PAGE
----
This proposal addresses three sets of problems in the intersection of image processing, computer graphics and computer vision: (1) image segmentation with applications to object tracking in videos, (2) inpainting problems, both in the pixel domain and the transform domain, and (3) applications of variational PDE-based models to image processing on manifolds. The approach makes use of powerful concepts from computational mathematics, such as duality, convexification, non-smooth optimization, fast combinatorial optimization, numerical PDE techniques, harmonic analysis, and computational differential geometry. The research is focusing on key issues, such as computational efficiency, feature extraction, object tracking, global analysis, and optimization, and preserving both geometric and texture information, which are keys to further advances. The research will impact many areas ranging from entertainment through homeland security and medical imaging.

For image segmentation, typical models are generally nonconvex and admit many local optimal solutions, making them sensitive to initial guesses. Moreover, numerical algorithms can be trapped in local non-optimal minima. To obtain better segmentation algorithms, we are extending a novel convexification technique (through the deep connection between TVL1 models and level sets) developed earlier for the Chan-Vese segmentation model to other segmentation models, such as non-local segmentation models inspired by texture synthesis techniques. For inpainting, recent advances include PDE and geometry techniques, texture synthesis, and a hybrid framework for inpainting missing transform (e.g. wavelets or Fourier). This research is examining the synergy between these methods and deriving models and algorithms that combine the best features of each. For image processing on manifolds, we are using conformal mapping techniques and PDE-based image processing models to derive efficient algorithms for general surfaces. New applications include the automatic tracking of landmarks on general surfaces and the incorporation of shape information in landmark matching.

Project Report

The major goals of this project is to develop innovative and effective mathematical models and associated fast computational algorithms for image processing, computer vision and computer graphics applications. We developed fast numerical methods for image processing models. We consider extensions of these image models to images not just on flat domains but on general surfaces, including brain surfaces in the context of brain mapping. Some significant results that we have obtained are: We developed a fast denoising algorithms based on a novel kind of iteration called Bregman Iteration, which is essentially an augmented Lagrangian method for the constrained optimization formulation of the image model. We developed methodologies for convexifying non-convex image segmentation models, as well as for image registration problems. Convexification makes the underlying optimization problem much easier to solve. We introduced a class of color image restoration algorithms based on the Mumford-Shah energy minimization model and nonlocal image information. We applied the above ideas to high-dimensional data clustering problems, such as those that may arise in data mining and data classification problems. We developed a Boolean logic extension of the widely used Chan-Vese segmentation model to the multiphase case (multiple classes of segments), allowing the use of different, user-specified, combination of information from the different channels to direct the segmentation. Finally, we extend the image model methodology we have developed to the case of general manifolds. We developed a mathematical framework, as well as natural extension of existing algorithms, for "flat" images to surfaces. We developed a vectorial total variation method for denoising surfaces, which is designed to preserve ridges and sharp corners in the surface. We developed a framework of using conformal and quasi-conformal maps, and the use of associated Beltrami coefficients, to both efficiently represent the map (e.g. compression) and to do analysis (e.g. extracting features, detecting abnormal shape deformation). We have applied this methodology to brain mapping problems. This project supported the training of five postdocs (4 have gone on to faculty positions, 1 to industry), and five PhD students (3 have gone on to postdoctoral positions, 2 to industry).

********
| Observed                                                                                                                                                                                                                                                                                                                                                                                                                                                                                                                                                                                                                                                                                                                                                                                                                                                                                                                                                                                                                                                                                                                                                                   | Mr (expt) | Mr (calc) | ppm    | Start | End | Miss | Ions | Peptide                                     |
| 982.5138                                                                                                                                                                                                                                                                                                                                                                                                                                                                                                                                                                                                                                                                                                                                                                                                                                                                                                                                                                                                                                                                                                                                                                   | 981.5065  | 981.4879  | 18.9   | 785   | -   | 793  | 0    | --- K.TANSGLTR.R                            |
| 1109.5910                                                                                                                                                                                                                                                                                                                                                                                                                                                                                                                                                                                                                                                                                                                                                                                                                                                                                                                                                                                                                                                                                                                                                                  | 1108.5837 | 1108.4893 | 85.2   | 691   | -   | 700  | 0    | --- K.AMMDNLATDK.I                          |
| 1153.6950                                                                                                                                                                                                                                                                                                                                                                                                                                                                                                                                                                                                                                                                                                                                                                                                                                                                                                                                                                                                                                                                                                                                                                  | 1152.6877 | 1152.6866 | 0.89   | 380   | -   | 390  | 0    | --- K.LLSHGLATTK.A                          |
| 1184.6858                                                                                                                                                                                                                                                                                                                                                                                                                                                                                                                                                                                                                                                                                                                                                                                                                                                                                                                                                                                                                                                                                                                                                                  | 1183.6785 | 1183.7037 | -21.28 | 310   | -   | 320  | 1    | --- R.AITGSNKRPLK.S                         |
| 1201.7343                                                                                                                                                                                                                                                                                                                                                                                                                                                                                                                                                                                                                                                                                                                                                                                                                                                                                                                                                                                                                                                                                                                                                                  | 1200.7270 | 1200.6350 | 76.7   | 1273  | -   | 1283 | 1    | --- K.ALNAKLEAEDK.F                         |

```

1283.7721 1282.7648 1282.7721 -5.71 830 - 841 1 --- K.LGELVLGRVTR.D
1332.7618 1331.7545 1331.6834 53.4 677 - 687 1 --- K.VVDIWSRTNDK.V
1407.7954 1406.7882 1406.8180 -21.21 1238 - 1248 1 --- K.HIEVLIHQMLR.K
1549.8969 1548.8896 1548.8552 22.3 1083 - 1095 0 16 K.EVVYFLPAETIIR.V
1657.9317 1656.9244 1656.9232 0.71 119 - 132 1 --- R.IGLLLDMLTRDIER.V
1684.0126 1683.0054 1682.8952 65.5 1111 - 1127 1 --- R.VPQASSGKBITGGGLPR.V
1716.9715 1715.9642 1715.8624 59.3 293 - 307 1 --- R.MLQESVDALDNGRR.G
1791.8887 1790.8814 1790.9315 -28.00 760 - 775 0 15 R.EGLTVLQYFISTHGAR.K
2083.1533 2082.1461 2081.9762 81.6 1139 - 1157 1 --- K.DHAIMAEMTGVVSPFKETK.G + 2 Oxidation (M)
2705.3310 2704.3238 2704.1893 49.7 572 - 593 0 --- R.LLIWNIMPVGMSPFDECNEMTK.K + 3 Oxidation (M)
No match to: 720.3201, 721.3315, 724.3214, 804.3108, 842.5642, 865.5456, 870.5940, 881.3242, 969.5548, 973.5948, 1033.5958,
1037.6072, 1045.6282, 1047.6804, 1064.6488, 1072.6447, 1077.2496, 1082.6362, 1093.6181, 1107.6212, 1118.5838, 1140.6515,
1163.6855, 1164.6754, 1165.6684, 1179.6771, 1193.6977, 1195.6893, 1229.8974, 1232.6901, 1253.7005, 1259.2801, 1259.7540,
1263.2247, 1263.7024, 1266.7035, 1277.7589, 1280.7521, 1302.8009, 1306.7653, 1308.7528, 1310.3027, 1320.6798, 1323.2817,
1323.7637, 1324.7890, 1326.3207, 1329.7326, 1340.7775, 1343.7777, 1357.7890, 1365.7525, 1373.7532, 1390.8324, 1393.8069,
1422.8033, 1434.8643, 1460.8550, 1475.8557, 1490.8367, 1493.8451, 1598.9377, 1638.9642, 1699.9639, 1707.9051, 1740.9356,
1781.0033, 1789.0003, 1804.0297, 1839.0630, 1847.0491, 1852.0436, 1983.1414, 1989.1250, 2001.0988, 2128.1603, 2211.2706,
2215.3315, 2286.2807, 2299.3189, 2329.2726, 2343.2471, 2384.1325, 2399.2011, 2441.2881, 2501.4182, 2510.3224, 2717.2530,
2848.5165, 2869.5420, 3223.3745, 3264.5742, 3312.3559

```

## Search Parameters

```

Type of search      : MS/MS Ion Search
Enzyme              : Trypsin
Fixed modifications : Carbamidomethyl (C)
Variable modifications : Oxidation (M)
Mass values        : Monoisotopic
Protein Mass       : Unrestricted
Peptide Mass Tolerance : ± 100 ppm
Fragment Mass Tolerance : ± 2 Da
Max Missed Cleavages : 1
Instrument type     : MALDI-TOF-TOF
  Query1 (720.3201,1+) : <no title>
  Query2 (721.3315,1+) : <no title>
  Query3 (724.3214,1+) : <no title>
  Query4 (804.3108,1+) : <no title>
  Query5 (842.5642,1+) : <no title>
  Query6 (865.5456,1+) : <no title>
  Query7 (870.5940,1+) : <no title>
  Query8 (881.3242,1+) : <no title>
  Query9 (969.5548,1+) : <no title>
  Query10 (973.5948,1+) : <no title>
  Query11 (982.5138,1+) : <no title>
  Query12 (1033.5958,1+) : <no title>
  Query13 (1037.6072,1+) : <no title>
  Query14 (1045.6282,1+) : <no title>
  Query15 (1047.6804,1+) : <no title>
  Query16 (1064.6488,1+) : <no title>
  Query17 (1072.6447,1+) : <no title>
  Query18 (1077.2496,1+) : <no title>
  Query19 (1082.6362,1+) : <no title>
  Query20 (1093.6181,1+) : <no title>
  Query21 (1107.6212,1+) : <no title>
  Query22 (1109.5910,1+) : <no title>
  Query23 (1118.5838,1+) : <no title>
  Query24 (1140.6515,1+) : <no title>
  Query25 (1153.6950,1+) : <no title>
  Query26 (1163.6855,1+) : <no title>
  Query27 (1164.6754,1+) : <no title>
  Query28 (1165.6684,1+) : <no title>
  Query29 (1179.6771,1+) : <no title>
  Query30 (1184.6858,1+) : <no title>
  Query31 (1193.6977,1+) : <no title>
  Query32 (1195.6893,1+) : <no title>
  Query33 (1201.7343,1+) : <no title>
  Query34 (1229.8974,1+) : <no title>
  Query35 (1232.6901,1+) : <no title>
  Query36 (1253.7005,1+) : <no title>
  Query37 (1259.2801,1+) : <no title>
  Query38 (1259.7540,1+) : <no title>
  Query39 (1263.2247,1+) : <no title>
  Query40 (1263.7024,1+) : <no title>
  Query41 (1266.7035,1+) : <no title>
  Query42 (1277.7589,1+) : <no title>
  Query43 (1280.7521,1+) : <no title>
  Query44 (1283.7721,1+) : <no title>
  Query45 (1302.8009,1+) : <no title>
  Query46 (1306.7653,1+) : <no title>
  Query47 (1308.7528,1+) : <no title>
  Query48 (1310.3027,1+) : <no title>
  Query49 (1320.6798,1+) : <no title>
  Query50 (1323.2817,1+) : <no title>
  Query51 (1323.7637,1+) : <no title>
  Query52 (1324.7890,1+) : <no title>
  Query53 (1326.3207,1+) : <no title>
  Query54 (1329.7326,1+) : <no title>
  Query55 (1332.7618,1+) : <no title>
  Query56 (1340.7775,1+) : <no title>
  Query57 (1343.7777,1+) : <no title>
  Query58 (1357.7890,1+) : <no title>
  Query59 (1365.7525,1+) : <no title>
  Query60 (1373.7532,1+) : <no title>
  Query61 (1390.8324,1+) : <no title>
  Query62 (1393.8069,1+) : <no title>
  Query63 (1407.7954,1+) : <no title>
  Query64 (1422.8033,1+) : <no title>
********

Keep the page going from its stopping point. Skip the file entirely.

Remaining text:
National Science Foundation (NSF)
Division of Mathematical Sciences (DMS)
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Junping Wang
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University of California Los Angeles
Los Angeles
United States
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